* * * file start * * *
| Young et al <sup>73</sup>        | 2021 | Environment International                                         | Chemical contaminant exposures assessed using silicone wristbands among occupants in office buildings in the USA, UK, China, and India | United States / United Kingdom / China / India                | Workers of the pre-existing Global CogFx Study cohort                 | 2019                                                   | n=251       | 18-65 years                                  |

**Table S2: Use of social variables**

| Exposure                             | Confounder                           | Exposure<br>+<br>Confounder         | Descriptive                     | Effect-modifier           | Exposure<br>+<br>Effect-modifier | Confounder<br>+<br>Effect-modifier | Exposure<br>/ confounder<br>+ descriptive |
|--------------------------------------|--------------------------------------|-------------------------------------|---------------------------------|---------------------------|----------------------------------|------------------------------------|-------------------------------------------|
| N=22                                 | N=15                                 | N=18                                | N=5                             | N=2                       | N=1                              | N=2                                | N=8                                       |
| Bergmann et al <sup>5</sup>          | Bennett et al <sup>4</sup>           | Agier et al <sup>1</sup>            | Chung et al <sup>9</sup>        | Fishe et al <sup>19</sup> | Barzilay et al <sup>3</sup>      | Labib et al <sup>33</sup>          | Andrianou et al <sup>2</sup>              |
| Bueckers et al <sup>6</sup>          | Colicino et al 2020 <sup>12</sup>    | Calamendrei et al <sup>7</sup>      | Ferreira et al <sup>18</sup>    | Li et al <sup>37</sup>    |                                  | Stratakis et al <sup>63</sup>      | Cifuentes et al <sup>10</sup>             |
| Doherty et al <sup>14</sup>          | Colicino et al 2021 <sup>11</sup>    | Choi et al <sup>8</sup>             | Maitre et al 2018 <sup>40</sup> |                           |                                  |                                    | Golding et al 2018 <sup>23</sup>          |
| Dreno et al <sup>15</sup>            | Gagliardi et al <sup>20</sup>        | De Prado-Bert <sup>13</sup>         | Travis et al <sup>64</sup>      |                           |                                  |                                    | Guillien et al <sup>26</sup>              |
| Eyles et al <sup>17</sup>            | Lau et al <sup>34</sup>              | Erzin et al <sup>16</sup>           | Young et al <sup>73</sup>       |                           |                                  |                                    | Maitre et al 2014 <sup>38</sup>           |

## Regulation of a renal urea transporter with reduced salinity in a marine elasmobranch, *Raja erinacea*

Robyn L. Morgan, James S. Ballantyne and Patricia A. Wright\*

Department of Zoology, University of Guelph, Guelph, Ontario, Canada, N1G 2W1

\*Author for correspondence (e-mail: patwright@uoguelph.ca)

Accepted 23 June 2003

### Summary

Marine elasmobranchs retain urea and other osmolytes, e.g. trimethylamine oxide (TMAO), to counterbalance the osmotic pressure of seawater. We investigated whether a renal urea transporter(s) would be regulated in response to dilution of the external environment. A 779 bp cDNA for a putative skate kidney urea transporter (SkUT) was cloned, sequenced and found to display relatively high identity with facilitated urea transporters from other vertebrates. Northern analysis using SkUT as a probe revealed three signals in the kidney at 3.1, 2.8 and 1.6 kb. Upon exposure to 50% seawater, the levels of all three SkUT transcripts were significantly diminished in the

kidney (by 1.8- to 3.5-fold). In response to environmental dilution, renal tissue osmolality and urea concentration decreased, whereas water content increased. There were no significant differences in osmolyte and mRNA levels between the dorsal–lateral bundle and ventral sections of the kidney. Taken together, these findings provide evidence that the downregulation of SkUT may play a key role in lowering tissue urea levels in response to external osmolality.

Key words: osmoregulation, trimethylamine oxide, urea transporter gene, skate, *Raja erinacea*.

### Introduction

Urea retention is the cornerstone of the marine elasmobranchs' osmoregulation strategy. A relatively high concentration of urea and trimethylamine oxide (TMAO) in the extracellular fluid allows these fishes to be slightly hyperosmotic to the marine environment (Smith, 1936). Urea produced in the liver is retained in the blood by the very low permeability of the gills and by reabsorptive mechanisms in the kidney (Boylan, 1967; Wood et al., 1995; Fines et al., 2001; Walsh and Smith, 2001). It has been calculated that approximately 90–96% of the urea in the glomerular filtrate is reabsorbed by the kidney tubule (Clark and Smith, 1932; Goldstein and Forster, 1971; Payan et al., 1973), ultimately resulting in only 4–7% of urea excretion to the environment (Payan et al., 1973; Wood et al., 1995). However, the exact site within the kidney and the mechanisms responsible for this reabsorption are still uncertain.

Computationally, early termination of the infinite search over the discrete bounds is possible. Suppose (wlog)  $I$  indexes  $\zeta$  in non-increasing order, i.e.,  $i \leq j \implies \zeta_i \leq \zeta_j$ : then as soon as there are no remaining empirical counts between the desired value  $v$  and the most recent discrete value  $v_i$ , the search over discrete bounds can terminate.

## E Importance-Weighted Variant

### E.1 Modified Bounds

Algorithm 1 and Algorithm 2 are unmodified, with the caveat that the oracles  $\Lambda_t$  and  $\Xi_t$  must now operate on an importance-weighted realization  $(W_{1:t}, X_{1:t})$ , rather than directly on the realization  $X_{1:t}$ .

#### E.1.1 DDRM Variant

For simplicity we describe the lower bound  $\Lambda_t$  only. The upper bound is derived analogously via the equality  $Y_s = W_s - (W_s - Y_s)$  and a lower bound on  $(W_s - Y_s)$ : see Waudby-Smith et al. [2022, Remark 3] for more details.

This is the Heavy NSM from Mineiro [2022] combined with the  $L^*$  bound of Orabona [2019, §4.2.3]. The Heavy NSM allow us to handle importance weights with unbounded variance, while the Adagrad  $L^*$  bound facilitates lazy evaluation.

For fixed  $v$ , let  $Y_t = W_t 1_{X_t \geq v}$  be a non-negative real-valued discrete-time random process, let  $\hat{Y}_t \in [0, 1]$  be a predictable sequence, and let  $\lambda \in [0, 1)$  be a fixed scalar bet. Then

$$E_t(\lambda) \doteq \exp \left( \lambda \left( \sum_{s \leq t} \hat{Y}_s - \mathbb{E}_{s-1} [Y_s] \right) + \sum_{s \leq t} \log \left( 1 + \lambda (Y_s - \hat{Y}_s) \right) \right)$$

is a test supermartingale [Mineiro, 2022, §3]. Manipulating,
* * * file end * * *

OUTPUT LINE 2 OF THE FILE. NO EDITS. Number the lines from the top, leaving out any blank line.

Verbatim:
**Table S2: Use of social variables**